a supervening venue provision, permitting displacement of the ordinary rules of venue when, in light of certain conditions, the trial court thinks that jurisdiction ought to be declined. But venue is a matter that goes to process rather than substantive rights--determining which among various competent courts will decide the case. Uniformity of process (beyond the rudimentary elements of procedural fairness) is assuredly not what the law of admiralty seeks to achieve, since it is supposed to apply in all the courts of the world. Just as state courts, in deciding admiralty cases, are not bound by venue requirements set forth for federal courts in the United States Code, so also they are not bound by the federal common-law venue rule (so to speak) of forum non conveniens. Because the doctrine is one of procedure rather than substance, petitioner is wrong to claim support from our decision in Pope & Talbot, Inc. v. Hawn, 346 U.S. 406, 74 S. Ct. 202, 98 L. Ed. 143 (1953), which held that Pennsylvania courts must apply the admiralty rule that contributory negligence is no bar to recovery ... Unlike burden of proof (which is a sort of default rule of liability) and affirmative defenses such as contributory negligence (which eliminate liability), forum non conveniens does not bear upon the substantive right to recover, and is not a rule upon which maritime actors rely in making decisions about primary conduct--how to manage their business and what precautions to take.
Id. at 988 (footnote omitted).
Rule B of the Supplemental Rules for Certain Admiralty and Maritime Claims
Maritime attachments have been a part of American jurisprudence since the Constitution was ratified. See Manro v. Almeida, 23 U.S. 473, 6 L. Ed. 369 (1825).
In 1842, Congress empowered the Supreme Court to promulgate maritime rules. Schiffahartsgesellschaft Leonhardt & Co. v. A. Bottacchi S.A. De Navegacion, 773 F.2d 1528, 1533 (11th Cir. 1985). These rules were superseded by the Rules of Practice in Admiralty and Maritime Cases, which were promulgated by the Supreme Court in 1920. Id. In 1966, the Supplemental Rules for Certain Admiralty and Maritime Claims (the "Supplemental Rules") replaced the 1920 Rules of Practice. See 28 U.S.C. §§ 2071-2072.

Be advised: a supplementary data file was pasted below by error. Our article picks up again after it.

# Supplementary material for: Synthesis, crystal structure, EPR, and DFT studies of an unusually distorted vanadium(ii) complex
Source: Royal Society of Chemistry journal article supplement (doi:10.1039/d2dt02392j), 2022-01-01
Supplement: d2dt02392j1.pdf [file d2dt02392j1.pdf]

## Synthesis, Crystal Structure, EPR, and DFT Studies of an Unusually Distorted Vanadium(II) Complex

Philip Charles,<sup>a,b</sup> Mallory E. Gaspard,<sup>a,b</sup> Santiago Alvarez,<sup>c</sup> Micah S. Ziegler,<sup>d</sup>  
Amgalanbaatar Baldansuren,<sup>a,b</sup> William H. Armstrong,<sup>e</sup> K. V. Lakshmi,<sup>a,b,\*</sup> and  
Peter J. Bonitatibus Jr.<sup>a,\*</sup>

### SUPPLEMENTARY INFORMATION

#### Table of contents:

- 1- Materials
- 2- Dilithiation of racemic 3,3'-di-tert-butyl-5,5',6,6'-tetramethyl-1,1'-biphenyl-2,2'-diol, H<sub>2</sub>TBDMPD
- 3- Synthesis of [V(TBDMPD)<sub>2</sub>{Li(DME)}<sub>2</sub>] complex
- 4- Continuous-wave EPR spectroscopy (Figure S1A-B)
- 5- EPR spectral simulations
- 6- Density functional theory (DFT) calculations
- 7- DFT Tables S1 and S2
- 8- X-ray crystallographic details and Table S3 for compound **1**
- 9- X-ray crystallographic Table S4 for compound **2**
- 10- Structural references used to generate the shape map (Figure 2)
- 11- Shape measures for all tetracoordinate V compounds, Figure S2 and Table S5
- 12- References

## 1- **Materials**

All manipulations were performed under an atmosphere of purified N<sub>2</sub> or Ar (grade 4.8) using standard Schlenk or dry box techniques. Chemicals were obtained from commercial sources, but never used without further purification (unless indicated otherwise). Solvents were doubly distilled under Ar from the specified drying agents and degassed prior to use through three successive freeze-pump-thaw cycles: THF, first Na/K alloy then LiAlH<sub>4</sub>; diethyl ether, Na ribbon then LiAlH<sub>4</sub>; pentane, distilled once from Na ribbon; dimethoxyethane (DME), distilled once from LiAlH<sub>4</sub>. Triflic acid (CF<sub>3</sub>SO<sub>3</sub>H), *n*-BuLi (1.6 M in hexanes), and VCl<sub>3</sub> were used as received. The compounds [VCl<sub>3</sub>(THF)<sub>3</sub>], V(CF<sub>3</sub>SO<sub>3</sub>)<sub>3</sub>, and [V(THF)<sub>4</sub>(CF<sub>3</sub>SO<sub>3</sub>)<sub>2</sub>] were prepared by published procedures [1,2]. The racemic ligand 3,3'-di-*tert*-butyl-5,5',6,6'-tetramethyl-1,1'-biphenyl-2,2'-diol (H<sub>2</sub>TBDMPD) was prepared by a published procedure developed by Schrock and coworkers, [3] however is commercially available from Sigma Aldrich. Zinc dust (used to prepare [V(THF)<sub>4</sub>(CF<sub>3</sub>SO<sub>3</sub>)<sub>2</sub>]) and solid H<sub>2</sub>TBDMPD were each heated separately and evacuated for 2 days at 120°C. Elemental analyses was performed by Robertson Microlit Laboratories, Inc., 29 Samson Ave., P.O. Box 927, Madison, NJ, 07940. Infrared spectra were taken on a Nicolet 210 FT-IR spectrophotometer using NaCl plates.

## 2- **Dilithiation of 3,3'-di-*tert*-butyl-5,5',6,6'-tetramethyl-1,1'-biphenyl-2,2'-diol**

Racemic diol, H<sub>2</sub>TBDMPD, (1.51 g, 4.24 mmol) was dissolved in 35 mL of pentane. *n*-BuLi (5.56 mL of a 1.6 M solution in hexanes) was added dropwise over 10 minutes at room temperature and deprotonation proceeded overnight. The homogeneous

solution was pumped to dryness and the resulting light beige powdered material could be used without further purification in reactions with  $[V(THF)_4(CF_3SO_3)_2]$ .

Rule B, which is similar to a rule of attachment promulgated by the Supreme Court in 1844, provides in relevant part:
With respect to any admiralty or maritime claim in personam a verified complaint may contain a prayer for process to attach the defendant's goods and chattels ... if the defendant shall not be found within the district ... if the plaintiff or plaintiff's attorney certifies that exigent circumstances ... [exist] the clerk shall issue a summons and process of attachment and garnishment and the plaintiff shall have the burden on a post-attachment hearing under Rule E(4)(f) to show that exigent circumstances existed. In addition, or in the alternative, the plaintiff may, pursuant to Rule 4(e) [of the Federal Rules of Civil Procedure], invoke the remedies provided by state law for attachment and garnishment or similar seizure of defendant's property. Except for Rule E(8) these Supplemental Rules do not apply to state remedies so invoked
In short, Rule B permits a plaintiff to attach an absent defendant's property independent of and separate from any right of attachment permitted by state law. Reibor Int'l Ltd. v. Cargo Carriers (KACZ-CO) Ltd., 759 F.2d 262, 265 (2d Cir. 1985) (citing 7A J. Moore & A. Pelaez, Moore's Federal Practice P B.03 (2d ed. 1983)).
Rule B attachments are designed to ensure the presence of a defendant as well as to assure satisfaction of a judgment in the event the suit is successful. Royal Swan Nav. Co. Ltd. v. Global Container Lines, Ltd., 868 F. Supp. 599, 601 (S.D.N.Y. 1994) (Baer, J.) (citing Swift & Co. Packers v. Compania Colombiana del Caribe, 339 U.S. 684, 94 L. Ed. 1206, 70 S. Ct. 861 (1950)). Questions as to the validity of Rule B attachments are generally governed by federal law. Reibor, 759 F.2d at 265 (citations omitted); see also Clipper Shipping Co. Ltd. v. Unimarine Bulk Transp., Inc., 790 F. Supp. 56, 61 n.6 (D. Conn. 1992) (Cabranes, J.) (while courts may look to state law where no federal precedent exists, law of Rule 8 attachments remains a matter of federal common law). The party that obtains an attachment under Rule 8 bears the burden of showing its validity. See Supplemental Rule E(4)(f).
It is well settled that liens created under state law may be enforced in admiralty. American Dredging, 127 L. Ed. 2d 285, 114 S. Ct. 981 (citation omitted). Indeed, on its face, Rule B authorizes parties to use state law remedies for attachment and garnishment in addition to, or in the alternative of, Rule B attachment. See Result Shipping Co., Ltd. v. Ferruzzi Trading USA, Inc., 56 F.3d 394, 1995 WL 320570 at *6 n.4 (2d Cir. 1995) (Rule B allows plaintiffs to use attachment procedure set forth in Rule, or to invoke state law attachment remedies). I, therefore, reject plaintiff's suggestion that Rule B completely displaces all liens created under state law. Cf. Gade v. Nat'l Solid Wastes Management Ass'n, 505 U.S. 88, 112 S. Ct. 2374, 2383, 120 L. Ed. 2d 73 (1992) (statute not so pervasive as to make reasonable the inference that Congress left no room for the states to supplement it).